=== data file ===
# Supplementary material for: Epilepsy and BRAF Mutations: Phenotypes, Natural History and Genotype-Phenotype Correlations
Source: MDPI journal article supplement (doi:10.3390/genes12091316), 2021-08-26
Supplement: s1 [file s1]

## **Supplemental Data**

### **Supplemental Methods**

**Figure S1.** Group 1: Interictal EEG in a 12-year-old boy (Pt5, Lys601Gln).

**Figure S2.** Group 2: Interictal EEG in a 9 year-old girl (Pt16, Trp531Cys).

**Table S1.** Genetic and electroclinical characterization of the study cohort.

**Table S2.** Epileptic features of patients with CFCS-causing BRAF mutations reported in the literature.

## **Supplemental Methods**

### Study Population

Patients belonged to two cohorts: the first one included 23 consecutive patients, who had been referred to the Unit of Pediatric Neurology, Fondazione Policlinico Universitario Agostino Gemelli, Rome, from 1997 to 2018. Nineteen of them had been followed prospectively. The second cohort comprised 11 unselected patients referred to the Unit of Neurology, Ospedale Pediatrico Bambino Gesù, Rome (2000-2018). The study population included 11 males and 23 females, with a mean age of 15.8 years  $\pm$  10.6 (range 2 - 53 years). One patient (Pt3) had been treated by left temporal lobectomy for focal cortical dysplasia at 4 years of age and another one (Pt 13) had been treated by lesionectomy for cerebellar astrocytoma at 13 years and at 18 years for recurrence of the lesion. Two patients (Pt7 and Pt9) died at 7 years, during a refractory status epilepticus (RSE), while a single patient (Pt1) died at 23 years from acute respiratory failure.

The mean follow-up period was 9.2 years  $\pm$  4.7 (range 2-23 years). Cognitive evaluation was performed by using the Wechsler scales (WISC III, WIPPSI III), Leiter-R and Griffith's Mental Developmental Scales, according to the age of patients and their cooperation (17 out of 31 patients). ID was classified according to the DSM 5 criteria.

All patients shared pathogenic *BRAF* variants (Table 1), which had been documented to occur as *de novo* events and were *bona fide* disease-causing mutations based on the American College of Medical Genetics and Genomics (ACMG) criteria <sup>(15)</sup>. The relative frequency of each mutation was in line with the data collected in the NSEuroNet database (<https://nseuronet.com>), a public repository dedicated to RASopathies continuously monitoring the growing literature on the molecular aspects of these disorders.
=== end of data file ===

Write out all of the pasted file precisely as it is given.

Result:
# Supplementary material for: Epilepsy and BRAF Mutations: Phenotypes, Natural History and Genotype-Phenotype Correlations
Source: MDPI journal article supplement (doi:10.3390/genes12091316), 2021-08-26
Supplement: s1 [file s1]

## **Supplemental Data**

### **Supplemental Methods**

**Figure S1.** Group 1: Interictal EEG in a 12-year-old boy (Pt5, Lys601Gln).

**Figure S2.** Group 2: Interictal EEG in a 9 year-old girl (Pt16, Trp531Cys).

**Table S1.** Genetic and electroclinical characterization of the study cohort.

**Table S2.** Epileptic features of patients with CFCS-causing BRAF mutations reported in the literature.

## **Supplemental Methods**

### Study Population

Patients belonged to two cohorts: the first one included 23 consecutive patients, who had been referred to the Unit of Pediatric Neurology, Fondazione Policlinico Universitario Agostino Gemelli, Rome, from 1997 to 2018. Nineteen of them had been followed prospectively. The second cohort comprised 11 unselected patients referred to the Unit of Neurology, Ospedale Pediatrico Bambino Gesù, Rome (2000-2018). The study population included 11 males and 23 females, with a mean age of 15.8 years  $\pm$  10.6 (range 2 - 53 years). One patient (Pt3) had been treated by left temporal lobectomy for focal cortical dysplasia at 4 years of age and another one (Pt 13) had been treated by lesionectomy for cerebellar astrocytoma at 13 years and at 18 years for recurrence of the lesion. Two patients (Pt7 and Pt9) died at 7 years, during a refractory status epilepticus (RSE), while a single patient (Pt1) died at 23 years from acute respiratory failure.

The mean follow-up period was 9.2 years  $\pm$  4.7 (range 2-23 years). Cognitive evaluation was performed by using the Wechsler scales (WISC III, WIPPSI III), Leiter-R and Griffith's Mental Developmental Scales, according to the age of patients and their cooperation (17 out of 31 patients). ID was classified according to the DSM 5 criteria.

All patients shared pathogenic *BRAF* variants (Table 1), which had been documented to occur as *de novo* events and were *bona fide* disease-causing mutations based on the American College of Medical Genetics and Genomics (ACMG) criteria <sup>(15)</sup>. The relative frequency of each mutation was in line with the data collected in the NSEuroNet database (<https://nseuronet.com>), a public repository dedicated to RASopathies continuously monitoring the growing literature on the molecular aspects of these disorders.